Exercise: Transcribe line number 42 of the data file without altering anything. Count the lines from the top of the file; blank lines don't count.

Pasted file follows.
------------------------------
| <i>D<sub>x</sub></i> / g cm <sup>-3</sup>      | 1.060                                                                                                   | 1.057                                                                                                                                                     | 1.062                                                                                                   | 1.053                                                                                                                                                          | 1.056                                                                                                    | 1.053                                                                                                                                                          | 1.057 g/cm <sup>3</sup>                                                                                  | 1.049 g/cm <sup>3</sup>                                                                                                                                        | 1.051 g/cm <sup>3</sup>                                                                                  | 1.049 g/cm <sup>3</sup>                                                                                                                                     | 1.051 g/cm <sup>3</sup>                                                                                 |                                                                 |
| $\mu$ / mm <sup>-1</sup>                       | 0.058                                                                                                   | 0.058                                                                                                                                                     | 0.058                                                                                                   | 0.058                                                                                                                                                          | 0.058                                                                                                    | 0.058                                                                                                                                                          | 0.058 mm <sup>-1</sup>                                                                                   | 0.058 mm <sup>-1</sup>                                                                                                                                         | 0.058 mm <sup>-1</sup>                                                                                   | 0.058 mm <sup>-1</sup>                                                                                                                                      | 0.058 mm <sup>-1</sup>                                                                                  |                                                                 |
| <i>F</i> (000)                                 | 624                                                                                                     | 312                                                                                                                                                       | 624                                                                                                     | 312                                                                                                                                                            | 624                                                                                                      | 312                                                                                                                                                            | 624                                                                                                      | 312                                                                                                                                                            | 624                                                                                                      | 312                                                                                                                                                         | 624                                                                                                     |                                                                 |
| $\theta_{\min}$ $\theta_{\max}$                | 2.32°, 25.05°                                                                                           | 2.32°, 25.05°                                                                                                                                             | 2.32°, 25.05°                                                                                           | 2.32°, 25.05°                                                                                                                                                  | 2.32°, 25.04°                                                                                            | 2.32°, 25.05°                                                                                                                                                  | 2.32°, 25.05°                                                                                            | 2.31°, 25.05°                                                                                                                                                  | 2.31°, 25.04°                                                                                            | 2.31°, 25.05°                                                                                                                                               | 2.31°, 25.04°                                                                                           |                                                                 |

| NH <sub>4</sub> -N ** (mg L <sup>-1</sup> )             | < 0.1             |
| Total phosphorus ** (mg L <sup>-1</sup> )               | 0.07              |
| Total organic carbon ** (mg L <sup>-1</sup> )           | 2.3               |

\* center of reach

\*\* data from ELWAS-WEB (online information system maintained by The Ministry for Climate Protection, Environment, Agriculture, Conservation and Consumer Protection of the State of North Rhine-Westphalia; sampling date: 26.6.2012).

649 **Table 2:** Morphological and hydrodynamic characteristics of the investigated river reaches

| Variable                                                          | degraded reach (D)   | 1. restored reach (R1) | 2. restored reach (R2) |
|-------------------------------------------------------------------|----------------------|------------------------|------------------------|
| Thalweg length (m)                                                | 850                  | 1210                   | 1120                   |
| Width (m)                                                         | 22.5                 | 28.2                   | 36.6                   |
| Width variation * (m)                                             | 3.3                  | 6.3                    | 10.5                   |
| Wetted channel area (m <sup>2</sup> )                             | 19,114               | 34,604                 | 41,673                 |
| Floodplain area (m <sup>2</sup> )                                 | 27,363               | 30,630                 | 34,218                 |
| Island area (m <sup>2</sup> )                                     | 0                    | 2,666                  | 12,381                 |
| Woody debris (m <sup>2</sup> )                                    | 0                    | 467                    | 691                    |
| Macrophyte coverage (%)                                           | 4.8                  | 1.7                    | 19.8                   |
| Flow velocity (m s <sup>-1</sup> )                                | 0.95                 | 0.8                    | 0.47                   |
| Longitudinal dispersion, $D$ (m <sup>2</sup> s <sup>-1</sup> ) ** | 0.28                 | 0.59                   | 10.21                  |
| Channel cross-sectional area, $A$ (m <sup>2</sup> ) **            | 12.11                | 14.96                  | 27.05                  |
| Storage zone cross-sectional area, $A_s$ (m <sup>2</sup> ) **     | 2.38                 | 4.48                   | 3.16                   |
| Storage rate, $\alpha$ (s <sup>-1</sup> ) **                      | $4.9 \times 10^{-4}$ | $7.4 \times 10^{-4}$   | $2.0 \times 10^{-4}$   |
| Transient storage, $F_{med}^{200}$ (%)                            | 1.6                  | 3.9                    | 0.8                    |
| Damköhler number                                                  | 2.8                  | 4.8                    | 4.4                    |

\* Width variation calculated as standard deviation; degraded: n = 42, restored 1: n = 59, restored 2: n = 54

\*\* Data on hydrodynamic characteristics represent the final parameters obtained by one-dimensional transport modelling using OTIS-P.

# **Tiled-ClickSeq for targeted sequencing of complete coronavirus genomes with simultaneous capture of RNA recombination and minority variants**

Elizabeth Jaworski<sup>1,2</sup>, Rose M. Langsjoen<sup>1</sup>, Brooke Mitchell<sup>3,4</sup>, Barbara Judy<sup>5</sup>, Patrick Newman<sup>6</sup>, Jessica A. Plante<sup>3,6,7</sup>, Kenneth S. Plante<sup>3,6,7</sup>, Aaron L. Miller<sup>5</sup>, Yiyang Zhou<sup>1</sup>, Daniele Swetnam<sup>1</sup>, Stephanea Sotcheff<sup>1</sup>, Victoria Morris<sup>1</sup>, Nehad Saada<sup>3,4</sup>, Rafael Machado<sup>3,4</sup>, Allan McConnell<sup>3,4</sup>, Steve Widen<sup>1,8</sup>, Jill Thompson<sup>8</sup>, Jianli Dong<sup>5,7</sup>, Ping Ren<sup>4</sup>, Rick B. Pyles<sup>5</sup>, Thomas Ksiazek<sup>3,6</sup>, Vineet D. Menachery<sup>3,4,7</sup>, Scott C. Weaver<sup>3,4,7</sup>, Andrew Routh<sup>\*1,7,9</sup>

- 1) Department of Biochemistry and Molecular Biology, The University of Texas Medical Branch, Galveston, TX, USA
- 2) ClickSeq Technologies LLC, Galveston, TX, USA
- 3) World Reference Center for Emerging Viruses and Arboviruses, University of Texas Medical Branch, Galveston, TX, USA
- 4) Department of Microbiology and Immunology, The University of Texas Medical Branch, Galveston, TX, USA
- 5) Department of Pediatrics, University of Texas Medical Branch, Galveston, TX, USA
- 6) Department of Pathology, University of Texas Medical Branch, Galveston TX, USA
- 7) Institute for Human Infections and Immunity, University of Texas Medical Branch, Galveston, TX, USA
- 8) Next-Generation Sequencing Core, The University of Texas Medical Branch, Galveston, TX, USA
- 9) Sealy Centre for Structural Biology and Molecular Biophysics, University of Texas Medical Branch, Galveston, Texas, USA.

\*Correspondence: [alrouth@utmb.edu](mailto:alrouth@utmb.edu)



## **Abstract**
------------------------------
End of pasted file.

## **Abstract**